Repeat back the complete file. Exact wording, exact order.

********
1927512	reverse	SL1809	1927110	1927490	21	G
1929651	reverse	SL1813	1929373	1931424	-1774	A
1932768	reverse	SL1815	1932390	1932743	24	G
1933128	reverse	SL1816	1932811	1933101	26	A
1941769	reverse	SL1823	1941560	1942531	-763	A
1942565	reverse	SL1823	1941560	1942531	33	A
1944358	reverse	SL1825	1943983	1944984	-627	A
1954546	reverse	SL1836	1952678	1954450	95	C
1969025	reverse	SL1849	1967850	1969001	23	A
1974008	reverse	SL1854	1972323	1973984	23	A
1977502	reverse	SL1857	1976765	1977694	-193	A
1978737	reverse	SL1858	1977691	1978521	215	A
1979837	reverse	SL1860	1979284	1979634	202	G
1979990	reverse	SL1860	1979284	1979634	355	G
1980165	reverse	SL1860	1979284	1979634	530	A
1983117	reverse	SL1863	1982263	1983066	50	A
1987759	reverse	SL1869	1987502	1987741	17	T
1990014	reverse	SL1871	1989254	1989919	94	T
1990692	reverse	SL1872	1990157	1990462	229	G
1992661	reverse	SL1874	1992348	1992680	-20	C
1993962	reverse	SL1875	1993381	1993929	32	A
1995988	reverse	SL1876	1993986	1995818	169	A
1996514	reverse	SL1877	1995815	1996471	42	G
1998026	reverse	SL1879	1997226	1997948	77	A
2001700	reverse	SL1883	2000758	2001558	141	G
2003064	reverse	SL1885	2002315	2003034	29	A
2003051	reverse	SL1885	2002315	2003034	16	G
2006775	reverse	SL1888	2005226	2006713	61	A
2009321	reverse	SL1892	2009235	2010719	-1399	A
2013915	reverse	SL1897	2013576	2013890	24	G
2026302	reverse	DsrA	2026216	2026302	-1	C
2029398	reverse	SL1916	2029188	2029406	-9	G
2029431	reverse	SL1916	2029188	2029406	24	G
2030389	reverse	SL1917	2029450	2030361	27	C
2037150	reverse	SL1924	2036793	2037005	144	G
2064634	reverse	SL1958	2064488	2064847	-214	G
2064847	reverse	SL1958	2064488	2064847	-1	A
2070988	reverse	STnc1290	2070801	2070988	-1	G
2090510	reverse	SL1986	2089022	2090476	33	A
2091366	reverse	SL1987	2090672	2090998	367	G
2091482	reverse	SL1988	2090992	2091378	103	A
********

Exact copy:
1927512	reverse	SL1809	1927110	1927490	21	G
1929651	reverse	SL1813	1929373	1931424	-1774	A
1932768	reverse	SL1815	1932390	1932743	24	G
1933128	reverse	SL1816	1932811	1933101	26	A
1941769	reverse	SL1823	1941560	1942531	-763	A
1942565	reverse	SL1823	1941560	1942531	33	A
1944358	reverse	SL1825	1943983	1944984	-627	A
1954546	reverse	SL1836	1952678	1954450	95	C
1969025	reverse	SL1849	1967850	1969001	23	A
1974008	reverse	SL1854	1972323	1973984	23	A
1977502	reverse	SL1857	1976765	1977694	-193	A
1978737	reverse	SL1858	1977691	1978521	215	A
1979837	reverse	SL1860	1979284	1979634	202	G
1979990	reverse	SL1860	1979284	1979634	355	G
1980165	reverse	SL1860	1979284	1979634	530	A
1983117	reverse	SL1863	1982263	1983066	50	A
1987759	reverse	SL1869	1987502	1987741	17	T
1990014	reverse	SL1871	1989254	1989919	94	T
1990692	reverse	SL1872	1990157	1990462	229	G
1992661	reverse	SL1874	1992348	1992680	-20	C
1993962	reverse	SL1875	1993381	1993929	32	A
1995988	reverse	SL1876	1993986	1995818	169	A
1996514	reverse	SL1877	1995815	1996471	42	G
1998026	reverse	SL1879	1997226	1997948	77	A
2001700	reverse	SL1883	2000758	2001558	141	G
2003064	reverse	SL1885	2002315	2003034	29	A
2003051	reverse	SL1885	2002315	2003034	16	G
2006775	reverse	SL1888	2005226	2006713	61	A
2009321	reverse	SL1892	2009235	2010719	-1399	A
2013915	reverse	SL1897	2013576	2013890	24	G
2026302	reverse	DsrA	2026216	2026302	-1	C
2029398	reverse	SL1916	2029188	2029406	-9	G
2029431	reverse	SL1916	2029188	2029406	24	G
2030389	reverse	SL1917	2029450	2030361	27	C
2037150	reverse	SL1924	2036793	2037005	144	G
2064634	reverse	SL1958	2064488	2064847	-214	G
2064847	reverse	SL1958	2064488	2064847	-1	A
2070988	reverse	STnc1290	2070801	2070988	-1	G
2090510	reverse	SL1986	2089022	2090476	33	A
2091366	reverse	SL1987	2090672	2090998	367	G
2091482	reverse	SL1988	2090992	2091378	103	A